Franc Myles describes an above-ground archaeological project on North King Street.
The ‘Archaeology of 1916’ project arose from a conversation held after an Archaeology Ireland AGM between the writer and Prof. Gabriel Cooney of UCD’s School of Archaeology. The concept, to investigate several flashpoints of the Rebellion as archaeological sites in the contemporary urban landscape, was based on a previous project undertaken by Archaeology and Built Heritage on the Moore Street battlefield. This offered a significant reinterpretation of the final hours of the Rising, mapping the withdrawal of the GPO garrison from what most consider to be the central locus of the rebellion, out into the warren of lanes and into a row of eighteenth-century houses to the north. The fieldwork placed a new focus on the civilian experience of the Rising, while a specific investigation of the built heritage quantified the survival of elements of a rebellion landscape that has been disregarded since the foundation of the state. Underpinning both projects was the idea that a specifically archaeological investigation of these sites has the potential to add to the received narrative of the Rising, to provide a more considered account of the conflict and its aftermath in the contemporary urban environment.
Central to the project methodology was to treat each flashpoint as an archaeological site and to collect the evidence as if we were excavating trenches in the ground. This may appear an unusual endeavour, but the theory of using archaeological techniques in contemporary landscapes is one that has gained currency elsewhere. While traditional archaeological approaches usually involve the destruction of the evidence through excavation, the approach taken was to identify and interpret what survives today and to interrogate the received narrative of events.
The project was funded by Dublin City Council, the Heritage Council and UCD, and was undertaken in conjunction with an undergraduate public archaeology module. Several of the participating students assisted in the fieldwork programme, which extended for ten weeks on either side of the centenary. ‘Live’ public outreach was an important element of the project and an engaged audience was built up on various social media pages, which in turn directed the public to the project website, thearchaeologyof1916.wordpress.com.
The sites were selected for what they can offer the researcher in terms of surviving physical fabric and the legibility of the surrounding urban landscape. Despite their being well documented in the historical accounts of the Rising, many of the sites are little known to those from outside their specific localities, while the actual narrative of the street fighting that took place at these locations remains less than fully understood, despite a plethora of recent publications. A methodology was established whereby a sound knowledge of the events at each location was acquired by the project team by interrogating primary source material such as the Witness Statements collected from surviving participants by the Bureau of Military History. Of particular assistance was a suite of photographs taken by the Air Corps in the early 1950s, which poignantly depict a city that has fundamentally changed. The sites were individually visited by the project team, working with contemporary photographs and the 1907 edition of the Ordnance Survey 25in. mapping. Surviving fragments of the landscape were photographed and mapped, and the deployment of opposing forces was worked out on the ground in order to gain a tactile appreciation of the events which took place from the mobilisation centres on Easter Monday to the final surrenders the following Sunday.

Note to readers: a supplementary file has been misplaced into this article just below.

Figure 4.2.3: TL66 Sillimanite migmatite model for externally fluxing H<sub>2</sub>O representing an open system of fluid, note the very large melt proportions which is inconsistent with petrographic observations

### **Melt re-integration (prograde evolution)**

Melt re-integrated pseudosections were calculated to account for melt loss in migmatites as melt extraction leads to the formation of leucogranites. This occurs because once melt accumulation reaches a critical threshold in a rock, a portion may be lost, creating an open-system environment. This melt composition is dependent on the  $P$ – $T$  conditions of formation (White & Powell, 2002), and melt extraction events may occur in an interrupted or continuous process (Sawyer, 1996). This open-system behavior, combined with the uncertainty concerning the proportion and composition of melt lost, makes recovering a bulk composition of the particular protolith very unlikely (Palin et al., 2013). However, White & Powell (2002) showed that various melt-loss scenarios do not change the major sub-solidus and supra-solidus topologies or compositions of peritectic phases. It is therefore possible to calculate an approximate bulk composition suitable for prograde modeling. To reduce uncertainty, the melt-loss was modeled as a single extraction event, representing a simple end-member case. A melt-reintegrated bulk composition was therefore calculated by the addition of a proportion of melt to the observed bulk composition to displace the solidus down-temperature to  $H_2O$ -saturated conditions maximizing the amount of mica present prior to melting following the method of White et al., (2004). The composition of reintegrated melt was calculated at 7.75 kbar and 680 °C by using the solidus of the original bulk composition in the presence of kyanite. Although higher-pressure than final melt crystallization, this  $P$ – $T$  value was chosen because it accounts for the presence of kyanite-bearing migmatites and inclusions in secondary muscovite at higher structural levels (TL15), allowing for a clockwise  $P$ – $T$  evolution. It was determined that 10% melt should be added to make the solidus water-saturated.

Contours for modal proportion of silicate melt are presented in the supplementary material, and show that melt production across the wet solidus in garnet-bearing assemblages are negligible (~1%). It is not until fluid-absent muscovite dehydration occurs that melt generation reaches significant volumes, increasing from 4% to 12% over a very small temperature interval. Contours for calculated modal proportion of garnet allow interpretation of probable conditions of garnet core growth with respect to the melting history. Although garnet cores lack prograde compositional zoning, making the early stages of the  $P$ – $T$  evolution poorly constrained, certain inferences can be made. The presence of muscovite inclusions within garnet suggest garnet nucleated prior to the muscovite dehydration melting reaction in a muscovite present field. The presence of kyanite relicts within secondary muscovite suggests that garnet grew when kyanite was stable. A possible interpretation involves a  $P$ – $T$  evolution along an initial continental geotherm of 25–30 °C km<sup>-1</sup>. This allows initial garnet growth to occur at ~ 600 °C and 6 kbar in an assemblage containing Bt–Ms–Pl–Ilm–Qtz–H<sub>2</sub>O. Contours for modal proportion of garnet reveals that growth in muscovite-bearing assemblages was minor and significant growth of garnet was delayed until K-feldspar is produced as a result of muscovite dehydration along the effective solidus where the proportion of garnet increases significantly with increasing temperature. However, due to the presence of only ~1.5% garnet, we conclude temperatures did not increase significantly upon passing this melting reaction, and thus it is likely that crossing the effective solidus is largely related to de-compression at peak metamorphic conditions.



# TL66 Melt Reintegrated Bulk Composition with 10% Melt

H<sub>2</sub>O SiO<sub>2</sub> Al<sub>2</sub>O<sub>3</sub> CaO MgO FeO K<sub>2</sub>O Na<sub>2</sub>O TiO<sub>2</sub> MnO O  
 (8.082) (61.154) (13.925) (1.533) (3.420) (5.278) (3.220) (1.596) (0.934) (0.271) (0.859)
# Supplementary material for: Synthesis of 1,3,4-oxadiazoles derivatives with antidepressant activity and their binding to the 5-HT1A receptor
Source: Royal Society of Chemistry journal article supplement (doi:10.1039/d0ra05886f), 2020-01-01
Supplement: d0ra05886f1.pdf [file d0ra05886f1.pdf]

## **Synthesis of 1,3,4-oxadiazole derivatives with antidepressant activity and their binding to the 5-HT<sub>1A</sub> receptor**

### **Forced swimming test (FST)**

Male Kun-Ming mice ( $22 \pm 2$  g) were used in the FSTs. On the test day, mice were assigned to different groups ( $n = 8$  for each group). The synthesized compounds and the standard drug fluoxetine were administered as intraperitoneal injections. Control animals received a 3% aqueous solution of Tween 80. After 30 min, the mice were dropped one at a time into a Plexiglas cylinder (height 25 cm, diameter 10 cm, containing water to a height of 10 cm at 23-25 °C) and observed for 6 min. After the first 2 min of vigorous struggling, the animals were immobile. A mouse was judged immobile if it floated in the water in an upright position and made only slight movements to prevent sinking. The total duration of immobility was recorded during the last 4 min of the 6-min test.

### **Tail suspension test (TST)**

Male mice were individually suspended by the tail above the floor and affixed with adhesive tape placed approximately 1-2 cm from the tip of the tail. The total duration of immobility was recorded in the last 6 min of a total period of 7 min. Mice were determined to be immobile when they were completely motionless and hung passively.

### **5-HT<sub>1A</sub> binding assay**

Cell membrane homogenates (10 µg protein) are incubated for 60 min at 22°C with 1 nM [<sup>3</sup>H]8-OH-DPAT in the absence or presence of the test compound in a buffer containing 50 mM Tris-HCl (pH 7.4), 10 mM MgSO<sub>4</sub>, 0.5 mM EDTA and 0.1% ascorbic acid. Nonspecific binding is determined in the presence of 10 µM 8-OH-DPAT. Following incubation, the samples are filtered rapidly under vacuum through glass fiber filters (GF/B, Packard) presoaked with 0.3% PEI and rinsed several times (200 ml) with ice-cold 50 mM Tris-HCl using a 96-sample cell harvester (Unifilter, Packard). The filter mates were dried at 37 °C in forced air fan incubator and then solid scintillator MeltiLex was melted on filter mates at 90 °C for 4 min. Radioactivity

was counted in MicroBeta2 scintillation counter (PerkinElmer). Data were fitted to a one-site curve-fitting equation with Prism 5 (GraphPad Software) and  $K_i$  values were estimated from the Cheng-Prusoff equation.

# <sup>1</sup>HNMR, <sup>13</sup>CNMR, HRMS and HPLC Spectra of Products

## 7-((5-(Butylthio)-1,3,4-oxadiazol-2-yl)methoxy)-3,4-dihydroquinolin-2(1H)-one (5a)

Less well-understood flashpoints included the streets around Watkins’s Brewery on Ardee Street. This was an outpost abandoned by the Volunteers, not as a result of enemy action but on account of the opposition demonstrated by local people, encouraged by ‘Separation Women’ whose husbands were fighting on the Western Front or in Gallipoli. Fieldwork undertaken in the South Dublin Union (St James’s Hospital) recovered extensive evidence for repair, which gave a physical reality to the information contained in the files of the Property Losses (Ireland) Committee (PLIC). The Committee was established in the aftermath of the Rising to address the substantial damage to property that had occurred, so that businesses or individuals who had suffered losses could claim compensation from the government. The files have recently been digitalised by the National Archives, the latest in a series of archives now more readily available to the public, which include the Witness Statements and military pension files held by Military Archives.
North King Street
As with any landscape investigation, the discrete sites benefited from several visits, whereby an ostensibly familiar streetscape was de-familiarised and reimagined. The first site investigated was literally on the doorstep of the project office and extended from the old Broadstone station down to the Liffey at the Four Courts, encompassing the area as far west as Blackhall Place and as far east as Capel Street.
The received narrative of the rebellion in this area tends to focus on the Four Courts—Ned Daly’s 1st Battalion is invariably referred to as the ‘Four Courts garrison’. Yet, despite the scars of conflict displayed on the fabric of the complex
(much of it from the Civil War six years later), there was relatively little fighting on the quays, with the most intense engagement taking place further north, around